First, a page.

The state should protect the rights of teachers and public health workers to work in armed conflict areas, ensure access to health services for families, women and children, particularly reproductive health and rights, maternal health for pregnant women, alleviation from drug addictions and disease, such as HIV/AIDS, and guarantee the rights of ethnically Malays Muslim women to access to justice. The military government must stop child marriage, forced marriage and gender base violence, despite the fact that Thailand ratified and enacted the Convention to End All Forms of Discrimination against Women (CEDAW), it is still legal to discriminate against women if it serves a national security, religious, or safety concern.

Fourthly, The emerging concern of the state-sponsored and systematic Human Rights persecution against the Rohingya people, require that the countries in the region implement a binding agreement to put in place the immediate protection of the Rohingya and a long-term solution. We would like to urge the Committee to seek urgent clarification on how the recent regional summit hosted by Thailand brought about meaningful action on the root causes of persecution against the Rohingya in the country of origin, the transit country and the country of destination. The discrimination faced by the Rohingya is spread across the region as the Rohingya are at high-risk of being sold into forced labour in the fishing industry, including with the collusion of high-level state officials.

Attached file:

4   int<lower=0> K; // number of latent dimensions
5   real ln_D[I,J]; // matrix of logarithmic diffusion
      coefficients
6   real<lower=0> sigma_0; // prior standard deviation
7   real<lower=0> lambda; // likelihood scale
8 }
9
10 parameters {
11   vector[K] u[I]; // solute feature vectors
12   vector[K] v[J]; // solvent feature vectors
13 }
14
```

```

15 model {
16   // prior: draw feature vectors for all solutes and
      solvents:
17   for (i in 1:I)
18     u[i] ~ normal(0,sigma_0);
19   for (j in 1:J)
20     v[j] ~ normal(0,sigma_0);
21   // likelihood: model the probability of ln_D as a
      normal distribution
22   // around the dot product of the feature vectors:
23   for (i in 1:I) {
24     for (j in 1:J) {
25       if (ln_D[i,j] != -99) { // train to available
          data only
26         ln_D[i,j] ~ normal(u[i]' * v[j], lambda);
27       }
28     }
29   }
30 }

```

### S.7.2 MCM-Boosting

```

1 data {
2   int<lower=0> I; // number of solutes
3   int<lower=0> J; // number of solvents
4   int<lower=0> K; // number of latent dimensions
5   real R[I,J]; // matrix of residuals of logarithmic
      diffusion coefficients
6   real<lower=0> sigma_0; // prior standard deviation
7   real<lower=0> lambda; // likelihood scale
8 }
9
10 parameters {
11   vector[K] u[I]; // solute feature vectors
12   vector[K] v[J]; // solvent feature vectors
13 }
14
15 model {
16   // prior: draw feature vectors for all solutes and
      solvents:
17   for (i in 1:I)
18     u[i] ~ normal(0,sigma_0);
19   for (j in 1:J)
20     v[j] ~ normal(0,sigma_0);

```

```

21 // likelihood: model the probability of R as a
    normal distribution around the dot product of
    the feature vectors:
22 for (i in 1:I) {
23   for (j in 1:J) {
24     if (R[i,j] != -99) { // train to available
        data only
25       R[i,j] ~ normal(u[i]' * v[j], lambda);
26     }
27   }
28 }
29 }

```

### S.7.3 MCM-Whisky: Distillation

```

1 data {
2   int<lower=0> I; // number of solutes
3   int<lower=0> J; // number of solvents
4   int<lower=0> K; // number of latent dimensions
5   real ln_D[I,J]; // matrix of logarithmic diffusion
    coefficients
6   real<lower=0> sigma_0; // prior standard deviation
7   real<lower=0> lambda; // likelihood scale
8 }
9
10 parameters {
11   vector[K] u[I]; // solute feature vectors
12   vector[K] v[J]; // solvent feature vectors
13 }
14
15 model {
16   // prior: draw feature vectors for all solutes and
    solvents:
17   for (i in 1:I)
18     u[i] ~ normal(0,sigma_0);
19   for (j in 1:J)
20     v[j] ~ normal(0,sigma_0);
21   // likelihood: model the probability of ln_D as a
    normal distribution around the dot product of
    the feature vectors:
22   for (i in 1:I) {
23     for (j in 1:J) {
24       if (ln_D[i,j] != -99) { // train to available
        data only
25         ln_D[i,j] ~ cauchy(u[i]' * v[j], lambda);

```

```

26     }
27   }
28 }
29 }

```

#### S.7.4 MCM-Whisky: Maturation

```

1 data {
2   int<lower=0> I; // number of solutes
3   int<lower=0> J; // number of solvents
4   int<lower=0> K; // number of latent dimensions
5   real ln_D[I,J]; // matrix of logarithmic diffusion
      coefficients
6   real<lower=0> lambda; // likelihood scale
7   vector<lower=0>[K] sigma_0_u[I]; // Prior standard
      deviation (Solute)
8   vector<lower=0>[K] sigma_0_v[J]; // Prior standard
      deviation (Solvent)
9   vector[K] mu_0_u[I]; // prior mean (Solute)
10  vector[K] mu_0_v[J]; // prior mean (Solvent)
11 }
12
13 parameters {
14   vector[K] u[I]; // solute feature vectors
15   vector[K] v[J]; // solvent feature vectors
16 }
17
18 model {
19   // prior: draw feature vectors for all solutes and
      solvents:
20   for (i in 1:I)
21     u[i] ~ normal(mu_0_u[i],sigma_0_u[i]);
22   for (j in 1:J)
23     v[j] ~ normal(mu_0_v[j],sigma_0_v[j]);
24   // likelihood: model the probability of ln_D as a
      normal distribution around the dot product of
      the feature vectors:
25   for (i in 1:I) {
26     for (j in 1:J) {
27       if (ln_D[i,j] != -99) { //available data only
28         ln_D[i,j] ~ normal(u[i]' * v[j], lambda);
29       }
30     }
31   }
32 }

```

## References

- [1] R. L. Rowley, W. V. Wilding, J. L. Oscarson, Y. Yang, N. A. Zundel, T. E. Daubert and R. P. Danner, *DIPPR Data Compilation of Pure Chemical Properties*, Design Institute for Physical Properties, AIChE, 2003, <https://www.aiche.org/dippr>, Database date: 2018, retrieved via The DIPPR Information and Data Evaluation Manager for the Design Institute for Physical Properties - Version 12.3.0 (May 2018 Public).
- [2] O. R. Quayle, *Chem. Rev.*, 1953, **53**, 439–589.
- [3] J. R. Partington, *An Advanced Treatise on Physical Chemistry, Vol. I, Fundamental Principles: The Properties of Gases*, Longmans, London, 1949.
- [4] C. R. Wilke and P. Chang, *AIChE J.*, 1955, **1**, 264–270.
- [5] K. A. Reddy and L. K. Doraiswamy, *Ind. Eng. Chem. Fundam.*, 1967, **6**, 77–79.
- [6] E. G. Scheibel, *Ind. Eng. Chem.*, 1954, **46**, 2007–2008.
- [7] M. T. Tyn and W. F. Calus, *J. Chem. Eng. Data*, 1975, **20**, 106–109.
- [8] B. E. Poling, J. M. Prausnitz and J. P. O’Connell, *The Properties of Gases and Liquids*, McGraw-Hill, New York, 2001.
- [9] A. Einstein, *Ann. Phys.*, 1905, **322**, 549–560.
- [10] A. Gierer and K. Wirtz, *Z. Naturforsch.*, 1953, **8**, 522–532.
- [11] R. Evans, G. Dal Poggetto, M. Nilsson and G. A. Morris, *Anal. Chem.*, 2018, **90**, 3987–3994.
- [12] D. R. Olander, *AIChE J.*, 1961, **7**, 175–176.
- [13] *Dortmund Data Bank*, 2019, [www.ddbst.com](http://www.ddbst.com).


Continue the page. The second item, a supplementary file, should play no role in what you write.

Fifthly, repeated violations and intimidation against the livelihoods of Indigenous Peoples in Thailand, namely by destroying the specific means of subsistence of Indigenous Peoples. The marginalization and exclusion of

Indigenous People benefits the economic development model which the Thai state is, often violently, imposing on peoples who have different livelihoods and means of subsistence.

Sixthly, education is a basic rights as well as a means to acquire economic, social and cultural right.  We request the committee to raise concern and give recommendations to the Thai military government to adopt and implement a rights based approach to education as guided in UNESCO document of A Human Rights based Approach to Education for All. The military government should also take steps to effect the ratification of UNESCO Convention against Discrimination in Education as recommended by the UN Committee on the Rights of the Child -the 59th session in 2012.

Based on all these issues raised we, as civil society organisations, are here to call for democratic and just governance which will enable people, particularly the most marginalized, to participate in local and national institutions and to make free and informed decisions over their own lives, their communities, and their futures.